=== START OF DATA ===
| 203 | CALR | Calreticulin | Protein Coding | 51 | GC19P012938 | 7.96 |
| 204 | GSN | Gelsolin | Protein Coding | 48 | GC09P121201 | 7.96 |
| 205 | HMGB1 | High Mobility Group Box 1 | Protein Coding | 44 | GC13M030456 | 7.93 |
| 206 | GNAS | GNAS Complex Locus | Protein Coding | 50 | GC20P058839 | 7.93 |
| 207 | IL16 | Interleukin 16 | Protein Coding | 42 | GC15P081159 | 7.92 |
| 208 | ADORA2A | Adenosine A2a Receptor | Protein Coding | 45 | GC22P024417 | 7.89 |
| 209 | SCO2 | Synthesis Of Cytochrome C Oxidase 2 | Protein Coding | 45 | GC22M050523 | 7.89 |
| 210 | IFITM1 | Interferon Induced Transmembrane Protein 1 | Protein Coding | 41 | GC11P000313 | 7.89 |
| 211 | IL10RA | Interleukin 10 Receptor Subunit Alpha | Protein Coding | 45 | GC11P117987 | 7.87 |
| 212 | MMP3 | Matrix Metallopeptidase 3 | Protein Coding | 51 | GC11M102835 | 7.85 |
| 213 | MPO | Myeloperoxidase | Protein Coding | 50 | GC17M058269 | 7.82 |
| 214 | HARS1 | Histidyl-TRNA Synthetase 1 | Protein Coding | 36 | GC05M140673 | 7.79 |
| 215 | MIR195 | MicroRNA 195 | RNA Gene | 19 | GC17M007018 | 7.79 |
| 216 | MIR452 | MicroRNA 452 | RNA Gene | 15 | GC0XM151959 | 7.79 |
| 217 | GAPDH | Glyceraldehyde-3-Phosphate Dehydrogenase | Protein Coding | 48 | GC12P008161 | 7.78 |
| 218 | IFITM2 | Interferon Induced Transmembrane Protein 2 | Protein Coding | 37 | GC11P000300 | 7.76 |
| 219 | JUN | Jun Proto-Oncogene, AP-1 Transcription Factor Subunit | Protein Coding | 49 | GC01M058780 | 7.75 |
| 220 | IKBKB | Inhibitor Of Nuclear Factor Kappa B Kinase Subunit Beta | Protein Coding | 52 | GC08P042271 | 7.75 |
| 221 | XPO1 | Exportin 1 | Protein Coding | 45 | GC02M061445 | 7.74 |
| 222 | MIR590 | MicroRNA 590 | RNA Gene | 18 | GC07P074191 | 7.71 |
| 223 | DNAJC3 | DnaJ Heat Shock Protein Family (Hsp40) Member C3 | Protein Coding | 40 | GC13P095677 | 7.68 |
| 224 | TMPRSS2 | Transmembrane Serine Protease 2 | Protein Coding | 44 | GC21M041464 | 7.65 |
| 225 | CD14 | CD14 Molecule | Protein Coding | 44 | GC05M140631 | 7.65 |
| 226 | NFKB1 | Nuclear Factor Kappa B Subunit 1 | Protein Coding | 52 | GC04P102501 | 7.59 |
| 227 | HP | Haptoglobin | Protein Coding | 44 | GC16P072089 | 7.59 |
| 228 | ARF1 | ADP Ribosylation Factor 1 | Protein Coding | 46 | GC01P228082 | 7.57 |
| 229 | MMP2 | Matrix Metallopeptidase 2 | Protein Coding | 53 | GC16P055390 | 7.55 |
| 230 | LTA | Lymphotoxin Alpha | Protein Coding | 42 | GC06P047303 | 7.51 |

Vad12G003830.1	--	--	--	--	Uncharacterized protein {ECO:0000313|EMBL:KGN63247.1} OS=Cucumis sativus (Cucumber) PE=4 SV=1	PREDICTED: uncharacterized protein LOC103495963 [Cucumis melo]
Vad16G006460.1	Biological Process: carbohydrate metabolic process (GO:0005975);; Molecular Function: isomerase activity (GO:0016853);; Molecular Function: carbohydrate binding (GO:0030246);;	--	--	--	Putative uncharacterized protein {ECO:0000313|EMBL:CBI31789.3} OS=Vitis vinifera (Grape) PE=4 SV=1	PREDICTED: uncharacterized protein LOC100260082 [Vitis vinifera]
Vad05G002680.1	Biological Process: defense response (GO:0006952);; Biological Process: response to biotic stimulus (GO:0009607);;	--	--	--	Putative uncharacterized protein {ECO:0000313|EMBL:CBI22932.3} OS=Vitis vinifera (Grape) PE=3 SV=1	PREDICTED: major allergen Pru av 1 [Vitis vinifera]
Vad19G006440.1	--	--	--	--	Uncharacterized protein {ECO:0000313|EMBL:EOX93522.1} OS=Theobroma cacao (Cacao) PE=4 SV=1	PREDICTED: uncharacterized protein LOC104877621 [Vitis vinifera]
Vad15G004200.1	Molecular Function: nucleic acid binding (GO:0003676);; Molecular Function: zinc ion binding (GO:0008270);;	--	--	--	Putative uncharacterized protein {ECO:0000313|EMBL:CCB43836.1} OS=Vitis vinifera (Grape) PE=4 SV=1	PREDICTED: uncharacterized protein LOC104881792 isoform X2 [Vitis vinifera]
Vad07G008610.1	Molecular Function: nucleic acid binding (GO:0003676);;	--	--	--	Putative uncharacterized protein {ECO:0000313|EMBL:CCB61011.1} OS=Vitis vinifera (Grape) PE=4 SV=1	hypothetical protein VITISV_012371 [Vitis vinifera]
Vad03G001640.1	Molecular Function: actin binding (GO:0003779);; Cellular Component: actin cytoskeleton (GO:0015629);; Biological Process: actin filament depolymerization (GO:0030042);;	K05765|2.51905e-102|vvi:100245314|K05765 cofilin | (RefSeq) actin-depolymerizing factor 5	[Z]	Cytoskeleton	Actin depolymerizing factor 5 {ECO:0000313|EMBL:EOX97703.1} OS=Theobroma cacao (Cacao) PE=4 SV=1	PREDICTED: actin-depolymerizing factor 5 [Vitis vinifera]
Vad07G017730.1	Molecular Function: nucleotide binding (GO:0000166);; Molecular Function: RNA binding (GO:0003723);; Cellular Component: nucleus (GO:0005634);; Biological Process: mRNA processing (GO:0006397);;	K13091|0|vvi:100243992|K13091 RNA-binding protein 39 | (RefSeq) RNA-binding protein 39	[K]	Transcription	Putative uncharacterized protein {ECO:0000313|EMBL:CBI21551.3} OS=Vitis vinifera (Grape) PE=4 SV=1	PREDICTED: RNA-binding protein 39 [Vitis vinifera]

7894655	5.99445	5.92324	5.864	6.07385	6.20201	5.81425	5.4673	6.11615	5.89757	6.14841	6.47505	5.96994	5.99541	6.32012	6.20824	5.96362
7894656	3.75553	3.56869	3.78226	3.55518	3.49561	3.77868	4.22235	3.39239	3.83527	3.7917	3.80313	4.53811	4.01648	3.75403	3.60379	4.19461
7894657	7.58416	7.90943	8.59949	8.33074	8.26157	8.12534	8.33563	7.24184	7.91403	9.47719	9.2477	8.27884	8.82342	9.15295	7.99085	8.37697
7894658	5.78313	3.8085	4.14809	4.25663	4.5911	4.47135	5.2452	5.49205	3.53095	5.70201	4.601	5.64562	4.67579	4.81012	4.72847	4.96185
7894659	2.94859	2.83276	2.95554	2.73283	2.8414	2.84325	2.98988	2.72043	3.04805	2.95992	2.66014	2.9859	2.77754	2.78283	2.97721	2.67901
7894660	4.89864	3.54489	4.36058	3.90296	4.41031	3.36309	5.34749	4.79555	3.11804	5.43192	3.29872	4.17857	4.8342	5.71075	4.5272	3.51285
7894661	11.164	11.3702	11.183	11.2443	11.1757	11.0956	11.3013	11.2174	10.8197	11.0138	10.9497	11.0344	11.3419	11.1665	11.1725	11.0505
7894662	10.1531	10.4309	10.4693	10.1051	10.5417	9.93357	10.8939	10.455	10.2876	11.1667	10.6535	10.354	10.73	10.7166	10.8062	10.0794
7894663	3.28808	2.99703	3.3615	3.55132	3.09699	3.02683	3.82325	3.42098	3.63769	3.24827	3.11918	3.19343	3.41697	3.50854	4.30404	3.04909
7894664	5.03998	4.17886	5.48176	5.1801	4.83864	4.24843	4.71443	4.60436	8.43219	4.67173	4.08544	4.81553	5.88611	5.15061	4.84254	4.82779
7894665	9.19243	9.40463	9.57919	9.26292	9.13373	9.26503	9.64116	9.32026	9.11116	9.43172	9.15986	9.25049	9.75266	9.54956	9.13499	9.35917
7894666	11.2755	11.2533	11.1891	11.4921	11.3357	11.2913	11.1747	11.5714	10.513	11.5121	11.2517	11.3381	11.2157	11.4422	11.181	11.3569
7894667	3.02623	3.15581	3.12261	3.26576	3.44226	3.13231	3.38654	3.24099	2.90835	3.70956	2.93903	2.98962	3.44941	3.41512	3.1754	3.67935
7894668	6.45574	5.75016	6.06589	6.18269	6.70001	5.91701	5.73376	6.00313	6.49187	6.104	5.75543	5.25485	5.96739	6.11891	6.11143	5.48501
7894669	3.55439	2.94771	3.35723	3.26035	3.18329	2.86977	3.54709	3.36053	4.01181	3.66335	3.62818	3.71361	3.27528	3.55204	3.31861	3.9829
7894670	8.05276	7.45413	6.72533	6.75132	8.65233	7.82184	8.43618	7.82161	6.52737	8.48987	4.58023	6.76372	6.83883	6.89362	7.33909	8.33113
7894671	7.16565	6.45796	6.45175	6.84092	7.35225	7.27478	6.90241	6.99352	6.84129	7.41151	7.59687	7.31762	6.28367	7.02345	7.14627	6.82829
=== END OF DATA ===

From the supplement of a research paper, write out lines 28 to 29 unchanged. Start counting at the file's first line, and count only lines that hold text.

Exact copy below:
| 230 | LTA | Lymphotoxin Alpha | Protein Coding | 42 | GC06P047303 | 7.51 |

Vad12G003830.1	--	--	--	--	Uncharacterized protein {ECO:0000313|EMBL:KGN63247.1} OS=Cucumis sativus (Cucumber) PE=4 SV=1	PREDICTED: uncharacterized protein LOC103495963 [Cucumis melo]